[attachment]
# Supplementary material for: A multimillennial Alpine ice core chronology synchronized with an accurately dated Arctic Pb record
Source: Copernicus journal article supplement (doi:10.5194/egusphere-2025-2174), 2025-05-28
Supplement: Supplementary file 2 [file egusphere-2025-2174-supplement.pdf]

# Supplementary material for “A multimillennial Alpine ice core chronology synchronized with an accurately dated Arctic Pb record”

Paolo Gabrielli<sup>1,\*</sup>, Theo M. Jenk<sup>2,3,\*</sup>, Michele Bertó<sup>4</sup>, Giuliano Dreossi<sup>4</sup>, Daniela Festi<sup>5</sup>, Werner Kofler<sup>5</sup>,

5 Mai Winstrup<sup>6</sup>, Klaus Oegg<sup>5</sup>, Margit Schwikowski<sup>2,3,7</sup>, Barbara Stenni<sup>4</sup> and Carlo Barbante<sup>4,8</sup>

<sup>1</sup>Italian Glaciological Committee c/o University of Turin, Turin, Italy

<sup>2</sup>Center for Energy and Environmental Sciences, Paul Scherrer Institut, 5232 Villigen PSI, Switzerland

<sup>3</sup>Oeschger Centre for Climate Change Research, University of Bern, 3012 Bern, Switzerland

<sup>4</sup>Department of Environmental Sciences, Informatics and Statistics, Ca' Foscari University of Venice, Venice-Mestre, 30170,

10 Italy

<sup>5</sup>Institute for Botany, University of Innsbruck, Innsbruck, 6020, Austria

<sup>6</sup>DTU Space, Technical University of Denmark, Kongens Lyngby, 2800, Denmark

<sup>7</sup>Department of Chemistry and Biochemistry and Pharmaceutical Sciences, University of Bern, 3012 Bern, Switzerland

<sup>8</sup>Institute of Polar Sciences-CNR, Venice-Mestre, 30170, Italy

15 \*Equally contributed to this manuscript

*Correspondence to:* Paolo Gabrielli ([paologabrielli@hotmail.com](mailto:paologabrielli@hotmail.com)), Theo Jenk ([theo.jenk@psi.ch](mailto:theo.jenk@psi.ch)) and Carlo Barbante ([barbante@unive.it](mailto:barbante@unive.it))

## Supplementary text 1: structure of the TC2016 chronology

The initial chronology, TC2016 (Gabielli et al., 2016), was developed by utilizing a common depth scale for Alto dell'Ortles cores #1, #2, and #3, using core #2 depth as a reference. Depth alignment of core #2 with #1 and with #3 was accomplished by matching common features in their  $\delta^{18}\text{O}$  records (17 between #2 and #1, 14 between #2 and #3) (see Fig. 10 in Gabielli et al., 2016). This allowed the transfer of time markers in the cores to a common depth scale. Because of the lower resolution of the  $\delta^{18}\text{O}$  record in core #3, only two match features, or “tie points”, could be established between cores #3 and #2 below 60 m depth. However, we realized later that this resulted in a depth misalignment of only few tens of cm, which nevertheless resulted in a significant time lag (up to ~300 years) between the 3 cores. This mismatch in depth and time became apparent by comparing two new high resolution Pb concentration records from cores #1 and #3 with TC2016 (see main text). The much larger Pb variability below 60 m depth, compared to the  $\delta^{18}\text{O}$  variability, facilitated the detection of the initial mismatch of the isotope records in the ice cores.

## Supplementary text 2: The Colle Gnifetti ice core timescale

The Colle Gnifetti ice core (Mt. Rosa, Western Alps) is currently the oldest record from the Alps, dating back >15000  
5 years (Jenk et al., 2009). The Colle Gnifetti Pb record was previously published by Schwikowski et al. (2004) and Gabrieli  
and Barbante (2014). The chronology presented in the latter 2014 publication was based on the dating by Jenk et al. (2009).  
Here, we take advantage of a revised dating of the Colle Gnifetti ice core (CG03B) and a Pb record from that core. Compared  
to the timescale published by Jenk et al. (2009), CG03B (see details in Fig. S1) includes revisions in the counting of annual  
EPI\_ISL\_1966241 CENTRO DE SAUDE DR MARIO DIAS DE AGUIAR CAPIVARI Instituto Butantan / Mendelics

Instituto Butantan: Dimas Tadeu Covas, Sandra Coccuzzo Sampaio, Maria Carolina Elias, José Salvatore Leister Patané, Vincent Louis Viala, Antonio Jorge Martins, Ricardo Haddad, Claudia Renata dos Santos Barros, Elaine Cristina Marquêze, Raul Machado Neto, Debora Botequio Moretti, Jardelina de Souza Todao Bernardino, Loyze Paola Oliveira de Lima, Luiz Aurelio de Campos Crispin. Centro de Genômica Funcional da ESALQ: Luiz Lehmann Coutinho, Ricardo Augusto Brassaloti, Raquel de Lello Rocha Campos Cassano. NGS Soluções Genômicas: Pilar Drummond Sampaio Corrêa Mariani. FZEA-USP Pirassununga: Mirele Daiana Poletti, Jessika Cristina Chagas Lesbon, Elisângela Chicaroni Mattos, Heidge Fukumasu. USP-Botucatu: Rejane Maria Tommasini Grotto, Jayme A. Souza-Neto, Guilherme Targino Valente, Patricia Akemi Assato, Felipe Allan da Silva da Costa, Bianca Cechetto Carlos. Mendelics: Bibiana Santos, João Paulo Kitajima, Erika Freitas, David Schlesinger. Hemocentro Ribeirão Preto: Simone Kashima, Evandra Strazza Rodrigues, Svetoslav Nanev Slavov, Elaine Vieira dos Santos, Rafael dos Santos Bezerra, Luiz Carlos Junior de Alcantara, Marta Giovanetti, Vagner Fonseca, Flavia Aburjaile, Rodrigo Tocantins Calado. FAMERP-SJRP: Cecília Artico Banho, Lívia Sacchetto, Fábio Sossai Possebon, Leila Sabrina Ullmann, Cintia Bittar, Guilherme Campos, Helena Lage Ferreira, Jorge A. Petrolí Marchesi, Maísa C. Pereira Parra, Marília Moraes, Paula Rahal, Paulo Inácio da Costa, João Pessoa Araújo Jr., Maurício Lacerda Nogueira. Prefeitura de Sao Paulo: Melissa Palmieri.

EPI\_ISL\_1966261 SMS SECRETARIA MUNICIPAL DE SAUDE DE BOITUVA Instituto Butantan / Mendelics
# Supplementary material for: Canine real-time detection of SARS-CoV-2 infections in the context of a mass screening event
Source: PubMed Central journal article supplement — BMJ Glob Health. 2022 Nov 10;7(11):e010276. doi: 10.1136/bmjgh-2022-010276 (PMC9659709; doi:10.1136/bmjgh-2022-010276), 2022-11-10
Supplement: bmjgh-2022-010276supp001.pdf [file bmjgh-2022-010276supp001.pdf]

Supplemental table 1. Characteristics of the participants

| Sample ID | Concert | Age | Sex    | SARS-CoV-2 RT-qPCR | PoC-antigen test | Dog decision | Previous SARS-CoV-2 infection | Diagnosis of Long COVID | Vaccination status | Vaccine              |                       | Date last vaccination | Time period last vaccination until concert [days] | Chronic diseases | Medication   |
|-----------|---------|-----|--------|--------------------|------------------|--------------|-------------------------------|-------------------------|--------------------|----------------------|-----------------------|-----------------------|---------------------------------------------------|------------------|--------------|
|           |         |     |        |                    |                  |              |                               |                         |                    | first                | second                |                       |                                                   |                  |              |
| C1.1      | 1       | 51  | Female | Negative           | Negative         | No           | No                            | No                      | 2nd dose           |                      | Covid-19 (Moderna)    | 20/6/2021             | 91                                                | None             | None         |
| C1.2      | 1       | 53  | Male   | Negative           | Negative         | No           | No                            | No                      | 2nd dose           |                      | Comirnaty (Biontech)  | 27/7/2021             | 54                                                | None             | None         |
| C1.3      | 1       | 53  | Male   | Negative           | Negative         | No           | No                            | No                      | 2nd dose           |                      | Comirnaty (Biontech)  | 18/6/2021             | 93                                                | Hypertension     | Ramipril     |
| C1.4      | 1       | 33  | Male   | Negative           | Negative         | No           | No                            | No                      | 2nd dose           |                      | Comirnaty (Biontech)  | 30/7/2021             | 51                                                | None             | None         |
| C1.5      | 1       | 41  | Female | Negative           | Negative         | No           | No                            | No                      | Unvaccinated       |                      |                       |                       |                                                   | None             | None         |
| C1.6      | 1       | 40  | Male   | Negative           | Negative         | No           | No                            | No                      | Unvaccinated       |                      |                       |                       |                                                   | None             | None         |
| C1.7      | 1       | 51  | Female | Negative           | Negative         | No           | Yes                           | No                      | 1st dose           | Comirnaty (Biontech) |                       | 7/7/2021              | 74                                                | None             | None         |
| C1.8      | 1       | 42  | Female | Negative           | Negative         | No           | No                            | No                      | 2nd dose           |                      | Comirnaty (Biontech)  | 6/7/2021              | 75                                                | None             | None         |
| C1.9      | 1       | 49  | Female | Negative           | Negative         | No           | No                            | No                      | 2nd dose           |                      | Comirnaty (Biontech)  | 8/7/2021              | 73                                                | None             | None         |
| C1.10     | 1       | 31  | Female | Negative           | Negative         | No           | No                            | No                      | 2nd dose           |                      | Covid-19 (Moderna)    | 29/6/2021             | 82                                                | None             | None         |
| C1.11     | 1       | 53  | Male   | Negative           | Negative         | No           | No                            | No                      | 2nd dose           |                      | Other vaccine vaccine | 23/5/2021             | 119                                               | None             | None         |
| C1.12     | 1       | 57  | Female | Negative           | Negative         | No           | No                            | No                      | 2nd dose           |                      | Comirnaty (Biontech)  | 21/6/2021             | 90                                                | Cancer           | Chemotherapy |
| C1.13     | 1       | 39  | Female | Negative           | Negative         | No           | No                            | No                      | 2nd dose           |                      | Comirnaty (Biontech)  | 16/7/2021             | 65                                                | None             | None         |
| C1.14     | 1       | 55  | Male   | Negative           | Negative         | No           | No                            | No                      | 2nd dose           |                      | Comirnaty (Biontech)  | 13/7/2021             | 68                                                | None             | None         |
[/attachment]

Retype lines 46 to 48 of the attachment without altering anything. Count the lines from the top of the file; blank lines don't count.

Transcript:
| C1.11     | 1       | 53  | Male   | Negative           | Negative         | No           | No                            | No                      | 2nd dose           |                      | Other vaccine vaccine | 23/5/2021             | 119                                               | None             | None         |
| C1.12     | 1       | 57  | Female | Negative           | Negative         | No           | No                            | No                      | 2nd dose           |                      | Comirnaty (Biontech)  | 21/6/2021             | 90                                                | Cancer           | Chemotherapy |
| C1.13     | 1       | 39  | Female | Negative           | Negative         | No           | No                            | No                      | 2nd dose           |                      | Comirnaty (Biontech)  | 16/7/2021             | 65                                                | None             | None         |